Thursday, 15 January 2015

Why the SNP will have to moderate its demands on Labour in a hung Parliament

According to at least one election forecast (at the time of writing this post) the only Government with a majority that could be formed after the May 7th election would be a Labour led one, but one that would involve Labour having some sort of agreement with both the Liberal Democrats and the Scottish National Party (SNP). But if you think that this would mean it is open season for the SNP to make Labour bow to a lot of demands, think again! That's because the SNP would have no credible alternative to providing Labour with a 'supply and confidence' majority. So in order to gain any political concessions the SNP would have to ensure that demands were both moderate and not incompatible with Labour's overall programme. They could do best by allying with existing interest groups within the Labour Party who favour certain priorities.

This emphasises the importance and usefulness of renewable energy in party political terms as something Labour could take on board and demonstrate that the SNP is gaining political benefits from any alliance with Labour. See my earlier post

In theory the Government's existence would be in the hands of the SNP. But in practice the SNP would face severe damage (and lose many seats it is likely to gain in May 2015) at the following election if its actions resulted in the actuality or greater prospect of a Conservative Government at Westminster. They would simply confirm Labour propaganda about the SNP letting the Tories in to power at Westminster.

However, unless the Conservatives make significant gains by May 2015 on what the polls are at the moment, a Labour Government with pacts with the Lib Dems and SNP seems the most likely outcome. Many commentators seem to be saying that so long as the Conservatives emerge as the largest party, then they will form the Government. That's not necessarily the case at all. The Conservatives need to be able to mobilise the largest block of MPs, which is not the same as being the largest party. The SNP will not support a Conservative Government, and the SNP need to be seen to be backing a Labour administration as an alternative.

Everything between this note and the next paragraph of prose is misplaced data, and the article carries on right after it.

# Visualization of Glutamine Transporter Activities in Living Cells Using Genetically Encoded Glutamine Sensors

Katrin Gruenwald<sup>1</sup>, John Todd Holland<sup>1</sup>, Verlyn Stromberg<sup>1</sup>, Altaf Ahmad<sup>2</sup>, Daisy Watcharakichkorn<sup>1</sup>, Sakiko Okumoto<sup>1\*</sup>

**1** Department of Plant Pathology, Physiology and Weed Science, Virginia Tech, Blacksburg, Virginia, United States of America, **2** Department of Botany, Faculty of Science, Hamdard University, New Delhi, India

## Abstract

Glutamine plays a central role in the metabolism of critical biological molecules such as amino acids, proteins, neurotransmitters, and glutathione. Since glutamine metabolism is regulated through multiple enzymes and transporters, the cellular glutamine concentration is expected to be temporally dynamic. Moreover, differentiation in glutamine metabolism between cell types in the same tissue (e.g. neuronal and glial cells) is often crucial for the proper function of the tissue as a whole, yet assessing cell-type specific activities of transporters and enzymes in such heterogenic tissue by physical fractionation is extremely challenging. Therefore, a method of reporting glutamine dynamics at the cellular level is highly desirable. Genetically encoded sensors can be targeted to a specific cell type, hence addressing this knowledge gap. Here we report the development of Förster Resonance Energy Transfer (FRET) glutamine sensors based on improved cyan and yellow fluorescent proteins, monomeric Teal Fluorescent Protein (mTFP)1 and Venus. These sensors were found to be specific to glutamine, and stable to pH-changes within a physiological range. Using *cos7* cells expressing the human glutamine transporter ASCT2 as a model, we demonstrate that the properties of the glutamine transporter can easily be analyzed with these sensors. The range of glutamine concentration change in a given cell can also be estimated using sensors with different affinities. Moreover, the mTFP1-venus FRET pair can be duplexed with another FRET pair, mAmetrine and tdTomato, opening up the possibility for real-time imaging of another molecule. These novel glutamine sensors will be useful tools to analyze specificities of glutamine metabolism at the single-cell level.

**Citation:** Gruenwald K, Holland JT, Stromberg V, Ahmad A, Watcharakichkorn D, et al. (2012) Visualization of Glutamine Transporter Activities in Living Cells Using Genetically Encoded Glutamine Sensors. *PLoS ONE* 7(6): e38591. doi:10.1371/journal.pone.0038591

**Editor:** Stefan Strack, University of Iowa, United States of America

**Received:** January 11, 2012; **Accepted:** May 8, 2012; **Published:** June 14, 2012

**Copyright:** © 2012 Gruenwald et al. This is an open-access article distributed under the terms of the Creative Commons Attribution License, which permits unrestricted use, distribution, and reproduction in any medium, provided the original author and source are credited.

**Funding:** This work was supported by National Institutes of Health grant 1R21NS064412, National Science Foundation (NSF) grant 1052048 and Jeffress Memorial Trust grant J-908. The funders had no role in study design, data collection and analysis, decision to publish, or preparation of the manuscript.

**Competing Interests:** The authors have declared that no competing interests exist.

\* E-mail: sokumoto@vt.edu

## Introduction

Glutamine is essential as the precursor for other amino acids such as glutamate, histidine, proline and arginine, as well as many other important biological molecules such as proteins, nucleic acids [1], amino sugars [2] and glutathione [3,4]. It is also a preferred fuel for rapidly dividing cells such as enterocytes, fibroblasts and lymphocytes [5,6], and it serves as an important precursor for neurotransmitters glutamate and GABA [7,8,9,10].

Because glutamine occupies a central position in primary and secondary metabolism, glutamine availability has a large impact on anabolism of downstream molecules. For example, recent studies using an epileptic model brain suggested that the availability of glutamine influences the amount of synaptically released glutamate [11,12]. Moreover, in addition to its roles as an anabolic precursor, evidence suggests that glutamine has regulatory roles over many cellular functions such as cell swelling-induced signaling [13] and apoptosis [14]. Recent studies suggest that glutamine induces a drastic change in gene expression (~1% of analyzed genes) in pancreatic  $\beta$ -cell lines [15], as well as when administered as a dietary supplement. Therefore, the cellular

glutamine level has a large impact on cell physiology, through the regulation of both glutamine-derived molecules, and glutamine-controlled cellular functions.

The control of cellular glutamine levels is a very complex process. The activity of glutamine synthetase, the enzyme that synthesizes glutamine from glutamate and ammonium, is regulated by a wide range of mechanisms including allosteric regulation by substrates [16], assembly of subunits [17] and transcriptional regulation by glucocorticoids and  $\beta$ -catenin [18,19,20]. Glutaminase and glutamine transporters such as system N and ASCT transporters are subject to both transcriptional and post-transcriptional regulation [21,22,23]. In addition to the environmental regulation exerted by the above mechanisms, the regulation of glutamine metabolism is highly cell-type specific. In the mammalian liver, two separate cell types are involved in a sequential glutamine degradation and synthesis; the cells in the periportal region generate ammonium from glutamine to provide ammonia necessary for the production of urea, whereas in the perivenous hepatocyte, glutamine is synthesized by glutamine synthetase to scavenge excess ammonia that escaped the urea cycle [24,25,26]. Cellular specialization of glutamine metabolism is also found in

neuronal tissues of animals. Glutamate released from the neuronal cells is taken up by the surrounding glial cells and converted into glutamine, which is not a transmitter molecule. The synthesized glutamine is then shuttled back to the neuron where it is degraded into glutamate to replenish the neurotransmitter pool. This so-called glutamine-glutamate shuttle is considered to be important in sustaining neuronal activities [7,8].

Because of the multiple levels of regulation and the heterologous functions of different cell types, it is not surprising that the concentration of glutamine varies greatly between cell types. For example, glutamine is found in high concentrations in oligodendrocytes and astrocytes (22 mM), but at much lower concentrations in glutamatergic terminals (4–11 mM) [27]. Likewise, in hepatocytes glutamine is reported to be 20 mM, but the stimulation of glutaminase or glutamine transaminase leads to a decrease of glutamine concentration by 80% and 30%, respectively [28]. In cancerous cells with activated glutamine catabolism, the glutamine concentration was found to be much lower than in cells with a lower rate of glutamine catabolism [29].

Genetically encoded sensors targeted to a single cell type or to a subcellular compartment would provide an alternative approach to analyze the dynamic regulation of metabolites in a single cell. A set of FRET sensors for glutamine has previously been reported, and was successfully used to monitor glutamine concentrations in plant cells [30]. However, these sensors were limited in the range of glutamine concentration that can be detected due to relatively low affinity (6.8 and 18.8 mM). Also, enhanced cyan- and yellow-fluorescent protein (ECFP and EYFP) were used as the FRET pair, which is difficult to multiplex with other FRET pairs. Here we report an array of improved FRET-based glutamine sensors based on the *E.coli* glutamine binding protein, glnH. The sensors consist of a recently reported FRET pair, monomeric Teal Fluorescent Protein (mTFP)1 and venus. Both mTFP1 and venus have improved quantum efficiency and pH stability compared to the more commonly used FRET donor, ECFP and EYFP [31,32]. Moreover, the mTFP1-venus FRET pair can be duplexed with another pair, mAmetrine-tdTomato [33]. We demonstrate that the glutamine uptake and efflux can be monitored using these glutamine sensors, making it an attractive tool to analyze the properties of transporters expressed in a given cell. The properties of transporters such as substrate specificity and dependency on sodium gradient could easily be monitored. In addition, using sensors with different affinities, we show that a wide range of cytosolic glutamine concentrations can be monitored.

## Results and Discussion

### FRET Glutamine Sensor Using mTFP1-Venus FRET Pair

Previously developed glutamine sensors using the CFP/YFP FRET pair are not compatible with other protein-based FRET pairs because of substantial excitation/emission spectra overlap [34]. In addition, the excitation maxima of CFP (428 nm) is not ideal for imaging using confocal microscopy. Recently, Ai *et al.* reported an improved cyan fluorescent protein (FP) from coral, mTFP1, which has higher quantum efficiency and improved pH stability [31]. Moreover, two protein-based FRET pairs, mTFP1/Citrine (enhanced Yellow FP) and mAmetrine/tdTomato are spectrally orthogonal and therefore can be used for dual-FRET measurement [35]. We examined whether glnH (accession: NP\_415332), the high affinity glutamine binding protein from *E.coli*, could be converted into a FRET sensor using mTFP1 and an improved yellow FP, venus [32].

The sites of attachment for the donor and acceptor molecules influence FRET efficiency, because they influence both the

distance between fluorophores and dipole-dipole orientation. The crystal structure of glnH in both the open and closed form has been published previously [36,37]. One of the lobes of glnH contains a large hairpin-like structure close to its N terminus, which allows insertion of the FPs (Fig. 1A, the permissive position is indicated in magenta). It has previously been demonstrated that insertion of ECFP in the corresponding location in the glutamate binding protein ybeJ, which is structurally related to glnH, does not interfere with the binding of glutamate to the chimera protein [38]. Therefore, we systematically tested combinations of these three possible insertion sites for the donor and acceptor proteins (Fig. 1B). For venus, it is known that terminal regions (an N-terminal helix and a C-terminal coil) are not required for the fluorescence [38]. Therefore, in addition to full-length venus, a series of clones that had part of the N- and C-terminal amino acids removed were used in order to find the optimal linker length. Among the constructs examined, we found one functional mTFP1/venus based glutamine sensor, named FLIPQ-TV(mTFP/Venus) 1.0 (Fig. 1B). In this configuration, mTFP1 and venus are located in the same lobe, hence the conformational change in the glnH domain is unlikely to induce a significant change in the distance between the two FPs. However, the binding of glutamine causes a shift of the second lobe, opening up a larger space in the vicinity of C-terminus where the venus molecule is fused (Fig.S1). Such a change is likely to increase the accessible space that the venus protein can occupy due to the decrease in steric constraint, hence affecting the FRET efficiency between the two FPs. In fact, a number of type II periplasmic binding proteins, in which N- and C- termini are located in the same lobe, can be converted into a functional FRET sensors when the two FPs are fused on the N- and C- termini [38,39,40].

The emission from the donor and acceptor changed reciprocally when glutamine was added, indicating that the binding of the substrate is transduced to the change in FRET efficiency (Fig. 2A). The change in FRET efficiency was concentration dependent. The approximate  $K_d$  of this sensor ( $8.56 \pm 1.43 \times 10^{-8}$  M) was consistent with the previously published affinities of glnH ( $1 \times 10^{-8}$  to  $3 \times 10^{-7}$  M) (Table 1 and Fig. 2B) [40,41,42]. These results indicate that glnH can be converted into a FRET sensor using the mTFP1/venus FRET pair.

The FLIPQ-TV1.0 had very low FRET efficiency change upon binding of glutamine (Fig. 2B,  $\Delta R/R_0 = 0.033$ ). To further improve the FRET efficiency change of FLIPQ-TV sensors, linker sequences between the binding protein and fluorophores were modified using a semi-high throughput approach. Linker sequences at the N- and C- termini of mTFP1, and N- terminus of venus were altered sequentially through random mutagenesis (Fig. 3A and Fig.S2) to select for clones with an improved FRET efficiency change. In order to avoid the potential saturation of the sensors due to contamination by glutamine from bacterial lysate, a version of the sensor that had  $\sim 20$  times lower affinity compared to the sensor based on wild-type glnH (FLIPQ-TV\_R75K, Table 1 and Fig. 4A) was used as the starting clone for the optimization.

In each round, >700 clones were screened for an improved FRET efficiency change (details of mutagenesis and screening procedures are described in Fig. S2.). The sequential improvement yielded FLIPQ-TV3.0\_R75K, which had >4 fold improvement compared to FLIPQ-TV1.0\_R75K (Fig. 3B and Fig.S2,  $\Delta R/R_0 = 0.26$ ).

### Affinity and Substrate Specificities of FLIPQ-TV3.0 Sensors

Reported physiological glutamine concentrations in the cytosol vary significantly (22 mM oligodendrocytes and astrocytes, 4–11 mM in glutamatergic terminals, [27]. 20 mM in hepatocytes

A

If Labour, together with the SNP (and others such as PC, SDLP and Greens) achieves a larger number of seats than the Tories, DUP (and maybe UKIP) then the Lib Dems are likely to back a Labour minority government. The Lib Dems have a preference for Labour. See, for example:  The Lib Dems would, if Conservatives were the largest party, follow convention and talk to them first about forming a Government. But if the Conservatives end up with less than 300 seats that could be a very short conversation. Instead they would have more serious talks with Labour.

Imagine the following scenario of parties and seats:

Conservatives   290

Labour               271

SNP                     32

Lib Dems            30

DUP                      8

PC                         3

SDLP                     3

UKIP                     3

Greens                   1

SDLP                     3

Sinn Fein               5

This is a variation on the numbers coming out of the website:
  which in fact at the time of writing gives Labour a seat lead. Even this calculation by Hanretty et al assumes that the Conservatives will be doing better in the polls at the time of the election than they are now. - so the seat scenario I make above assumes that there is a significant swing towards the Conservatives between now (Jan 16th) and the election to give them a lead of 2.5- 3 per cent in votes cast over Labour.

At least 323 seats are needed for a practical majority in the Commons since Sinn Fein do not attend the Commons votes (otherwise it would be 326 out of 651 MPs). Using my scenario the Labour 'bloc' (Lab plus SNP, PC, Green, SDLP) will be 310. On the other hand the Tory bloc, even if we were to include DUP and UKIP (the latter being a questionable ally for the Conservatives in practice since they would repel the Lib Dems) would be only 301. Who would the Lib Dems go with in that scenario? Well the arithmetic favours going with the Labour bloc since that gives a more secure majority anyway, but the party political preferences also make Labour a more attractive option.

Note I am talking about supply and confidence pacts here as the mode of forming and sustaining a Government (perhaps for no more than 1 year). Coalitions seem much less likely (and not at all involving the SNP).

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